Pyrimidine nucleotides

Pyrimidine bases are cytosine, thymine and uracil. Their biosynthesis is carried out from glutamine which is converted into carbamyl-aspartate, carbamyl-phosphate and, after several steps, into uridine-monophosphate, UMP, uridine-triphosphate, UTP, and deoxycytidine-triphosphate, dCTP and deoxythymidine-triphosphate, dTTP.

The folates under reduced form by dihydrofolate reductase (DHFR) are necessary for the conversion of deoxyuridine monophosphate (dUMP) into deoxythymidine monophosphate (dTMP). This step is catalyzed by thymidylate synthase (TS) and consists of a transfer of a methyl group given by methyl-tetrahydrofolate. The dTMP is after converted into diphosphate, dTDP, and triphosphate, dTTP, for forming DNA, whereas uridylate is used for RNA.

The ribonucleotide reductase is the enzyme responsible on the conversion of ribonucleotides into deoxy-nucleotides.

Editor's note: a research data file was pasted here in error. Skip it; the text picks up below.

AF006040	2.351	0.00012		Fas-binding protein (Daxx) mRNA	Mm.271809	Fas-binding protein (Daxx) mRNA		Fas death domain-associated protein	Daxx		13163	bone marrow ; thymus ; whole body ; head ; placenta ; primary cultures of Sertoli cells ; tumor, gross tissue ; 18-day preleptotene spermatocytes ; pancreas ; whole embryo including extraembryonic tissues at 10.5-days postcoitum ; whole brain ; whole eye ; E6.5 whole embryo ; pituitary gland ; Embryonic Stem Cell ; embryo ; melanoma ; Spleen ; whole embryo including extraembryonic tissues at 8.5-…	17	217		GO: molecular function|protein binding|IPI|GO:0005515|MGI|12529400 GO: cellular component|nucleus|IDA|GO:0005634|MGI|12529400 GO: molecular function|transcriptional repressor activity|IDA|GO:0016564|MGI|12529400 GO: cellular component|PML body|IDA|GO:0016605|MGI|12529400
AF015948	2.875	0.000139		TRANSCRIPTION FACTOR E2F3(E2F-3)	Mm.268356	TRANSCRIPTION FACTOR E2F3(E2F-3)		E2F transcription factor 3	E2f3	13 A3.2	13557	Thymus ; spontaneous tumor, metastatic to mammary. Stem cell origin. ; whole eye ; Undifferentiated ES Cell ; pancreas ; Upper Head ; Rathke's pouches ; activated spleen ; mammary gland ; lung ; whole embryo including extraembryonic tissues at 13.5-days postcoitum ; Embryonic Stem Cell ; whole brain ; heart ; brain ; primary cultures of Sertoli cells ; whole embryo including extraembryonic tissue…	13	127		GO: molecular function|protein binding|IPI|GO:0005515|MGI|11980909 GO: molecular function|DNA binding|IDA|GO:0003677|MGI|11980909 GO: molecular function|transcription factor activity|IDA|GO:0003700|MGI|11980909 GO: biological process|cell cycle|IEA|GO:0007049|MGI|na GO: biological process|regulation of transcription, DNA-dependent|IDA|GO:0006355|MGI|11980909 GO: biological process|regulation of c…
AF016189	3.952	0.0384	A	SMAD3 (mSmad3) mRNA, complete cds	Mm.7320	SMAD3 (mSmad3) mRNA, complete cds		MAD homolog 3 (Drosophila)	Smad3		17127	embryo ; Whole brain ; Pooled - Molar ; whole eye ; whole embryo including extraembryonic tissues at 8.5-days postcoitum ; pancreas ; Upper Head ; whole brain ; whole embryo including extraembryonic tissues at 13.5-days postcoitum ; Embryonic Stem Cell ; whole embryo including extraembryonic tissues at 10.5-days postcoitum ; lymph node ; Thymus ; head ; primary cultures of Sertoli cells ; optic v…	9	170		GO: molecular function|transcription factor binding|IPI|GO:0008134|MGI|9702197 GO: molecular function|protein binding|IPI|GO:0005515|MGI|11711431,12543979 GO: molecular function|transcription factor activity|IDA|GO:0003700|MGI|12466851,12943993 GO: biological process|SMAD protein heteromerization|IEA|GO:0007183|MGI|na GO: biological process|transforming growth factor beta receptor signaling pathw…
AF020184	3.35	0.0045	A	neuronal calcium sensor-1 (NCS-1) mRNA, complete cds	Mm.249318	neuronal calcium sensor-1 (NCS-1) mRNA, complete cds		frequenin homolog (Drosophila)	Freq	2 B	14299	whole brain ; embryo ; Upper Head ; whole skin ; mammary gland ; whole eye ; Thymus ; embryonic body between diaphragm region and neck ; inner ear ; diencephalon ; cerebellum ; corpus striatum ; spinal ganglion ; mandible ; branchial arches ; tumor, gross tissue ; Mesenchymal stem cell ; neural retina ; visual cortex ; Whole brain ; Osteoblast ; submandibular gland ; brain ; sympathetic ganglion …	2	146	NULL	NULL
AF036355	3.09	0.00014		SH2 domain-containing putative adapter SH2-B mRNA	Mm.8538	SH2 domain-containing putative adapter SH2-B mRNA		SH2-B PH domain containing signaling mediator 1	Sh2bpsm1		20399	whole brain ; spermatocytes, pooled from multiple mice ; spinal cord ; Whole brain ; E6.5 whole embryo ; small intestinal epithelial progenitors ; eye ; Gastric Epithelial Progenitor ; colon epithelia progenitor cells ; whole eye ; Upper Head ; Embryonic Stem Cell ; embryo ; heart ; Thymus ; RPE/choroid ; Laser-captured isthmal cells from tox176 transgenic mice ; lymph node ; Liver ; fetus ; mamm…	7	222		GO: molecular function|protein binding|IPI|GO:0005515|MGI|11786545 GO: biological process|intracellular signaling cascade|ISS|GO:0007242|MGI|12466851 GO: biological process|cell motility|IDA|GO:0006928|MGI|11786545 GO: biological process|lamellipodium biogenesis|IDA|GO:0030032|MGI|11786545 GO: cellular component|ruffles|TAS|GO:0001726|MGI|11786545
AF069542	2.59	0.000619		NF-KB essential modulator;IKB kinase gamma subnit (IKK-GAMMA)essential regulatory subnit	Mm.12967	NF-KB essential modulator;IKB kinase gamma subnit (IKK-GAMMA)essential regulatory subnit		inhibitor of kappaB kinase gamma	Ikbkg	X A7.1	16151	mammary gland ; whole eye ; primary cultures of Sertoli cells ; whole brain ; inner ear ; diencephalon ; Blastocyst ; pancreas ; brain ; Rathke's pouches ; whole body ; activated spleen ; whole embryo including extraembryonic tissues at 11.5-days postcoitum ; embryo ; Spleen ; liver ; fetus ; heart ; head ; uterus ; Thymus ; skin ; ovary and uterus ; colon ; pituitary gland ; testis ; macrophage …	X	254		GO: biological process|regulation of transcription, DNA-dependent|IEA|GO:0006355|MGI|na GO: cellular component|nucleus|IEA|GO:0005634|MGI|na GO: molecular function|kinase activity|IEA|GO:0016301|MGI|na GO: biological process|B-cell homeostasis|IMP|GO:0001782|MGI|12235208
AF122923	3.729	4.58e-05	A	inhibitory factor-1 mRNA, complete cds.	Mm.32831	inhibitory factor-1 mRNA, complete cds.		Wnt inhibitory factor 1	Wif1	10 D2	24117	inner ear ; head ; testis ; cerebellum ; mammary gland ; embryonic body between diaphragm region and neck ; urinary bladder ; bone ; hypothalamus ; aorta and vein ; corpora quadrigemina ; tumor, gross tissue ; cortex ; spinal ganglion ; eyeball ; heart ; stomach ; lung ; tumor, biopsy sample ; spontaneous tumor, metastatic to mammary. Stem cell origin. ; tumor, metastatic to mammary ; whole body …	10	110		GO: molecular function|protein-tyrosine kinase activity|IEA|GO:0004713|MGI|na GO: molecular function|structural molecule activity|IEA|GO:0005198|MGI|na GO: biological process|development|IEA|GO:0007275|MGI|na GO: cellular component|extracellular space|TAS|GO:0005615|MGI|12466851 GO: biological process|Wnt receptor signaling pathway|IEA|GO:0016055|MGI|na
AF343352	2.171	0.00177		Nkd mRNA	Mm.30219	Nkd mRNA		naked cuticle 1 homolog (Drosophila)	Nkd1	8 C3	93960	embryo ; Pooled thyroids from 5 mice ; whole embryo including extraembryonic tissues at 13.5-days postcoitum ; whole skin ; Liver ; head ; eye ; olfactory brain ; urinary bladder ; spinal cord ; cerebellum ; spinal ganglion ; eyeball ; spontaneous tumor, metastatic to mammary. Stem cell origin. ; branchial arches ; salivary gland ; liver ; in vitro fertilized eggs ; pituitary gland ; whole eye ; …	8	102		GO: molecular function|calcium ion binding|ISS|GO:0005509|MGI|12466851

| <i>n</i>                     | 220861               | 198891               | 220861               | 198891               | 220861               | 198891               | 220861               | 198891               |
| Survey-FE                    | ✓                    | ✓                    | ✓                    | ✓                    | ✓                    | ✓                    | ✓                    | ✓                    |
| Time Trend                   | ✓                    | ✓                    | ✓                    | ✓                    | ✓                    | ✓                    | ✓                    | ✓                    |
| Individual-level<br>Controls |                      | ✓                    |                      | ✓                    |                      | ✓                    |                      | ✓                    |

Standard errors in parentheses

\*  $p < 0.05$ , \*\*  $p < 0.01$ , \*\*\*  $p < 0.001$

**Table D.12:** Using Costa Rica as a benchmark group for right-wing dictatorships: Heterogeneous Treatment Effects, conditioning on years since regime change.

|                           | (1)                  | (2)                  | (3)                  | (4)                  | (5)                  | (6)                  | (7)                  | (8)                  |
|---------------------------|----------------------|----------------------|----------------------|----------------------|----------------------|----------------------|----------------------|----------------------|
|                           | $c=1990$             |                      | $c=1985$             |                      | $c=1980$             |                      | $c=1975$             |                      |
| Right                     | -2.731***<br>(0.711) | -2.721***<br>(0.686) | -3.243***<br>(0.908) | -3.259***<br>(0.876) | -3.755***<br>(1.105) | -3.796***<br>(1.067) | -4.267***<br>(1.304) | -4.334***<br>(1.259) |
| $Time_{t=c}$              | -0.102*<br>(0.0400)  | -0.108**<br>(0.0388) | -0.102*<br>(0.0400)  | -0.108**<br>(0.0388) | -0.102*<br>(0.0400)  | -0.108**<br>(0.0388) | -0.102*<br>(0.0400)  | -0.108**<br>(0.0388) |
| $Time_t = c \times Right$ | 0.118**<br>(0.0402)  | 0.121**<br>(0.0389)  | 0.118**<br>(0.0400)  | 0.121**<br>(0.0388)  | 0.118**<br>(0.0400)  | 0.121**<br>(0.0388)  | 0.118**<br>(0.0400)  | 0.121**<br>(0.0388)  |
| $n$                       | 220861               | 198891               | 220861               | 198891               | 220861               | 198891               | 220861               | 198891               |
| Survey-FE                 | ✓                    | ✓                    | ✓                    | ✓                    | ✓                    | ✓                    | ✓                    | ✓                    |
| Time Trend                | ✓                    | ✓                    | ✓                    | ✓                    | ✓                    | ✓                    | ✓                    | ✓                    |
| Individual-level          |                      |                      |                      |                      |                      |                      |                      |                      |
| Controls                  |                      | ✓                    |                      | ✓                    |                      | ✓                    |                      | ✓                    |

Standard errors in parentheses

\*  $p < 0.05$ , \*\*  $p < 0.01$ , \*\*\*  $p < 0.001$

General scheme of pyrimidine nucleotide biosynthesis

U = uridine , C = cytidine, T = thymidine, d = deoxy, TS = thymiylate synthase, BNdPR = ribonucleotide reductase, DP = diphosphate, PP = triphosphate.

The main functions of DNA and RNA are DNA replication catalyzed by the DNA polymerase, transcription of DNA into RNA for protein synthesis catalyzed by DNA-dependant RNA polymerase and DNA formation from RNA catalyzed by the reverse transcriptase of certain viruses.

Index for this chapter:

Your turn
User session
Bookmark, share this page
Bookmark and Share

  Last update : February 2009  
© 2000-2019 CdM Editions / P. Allain. All rights reserved
Pharmacorama Charter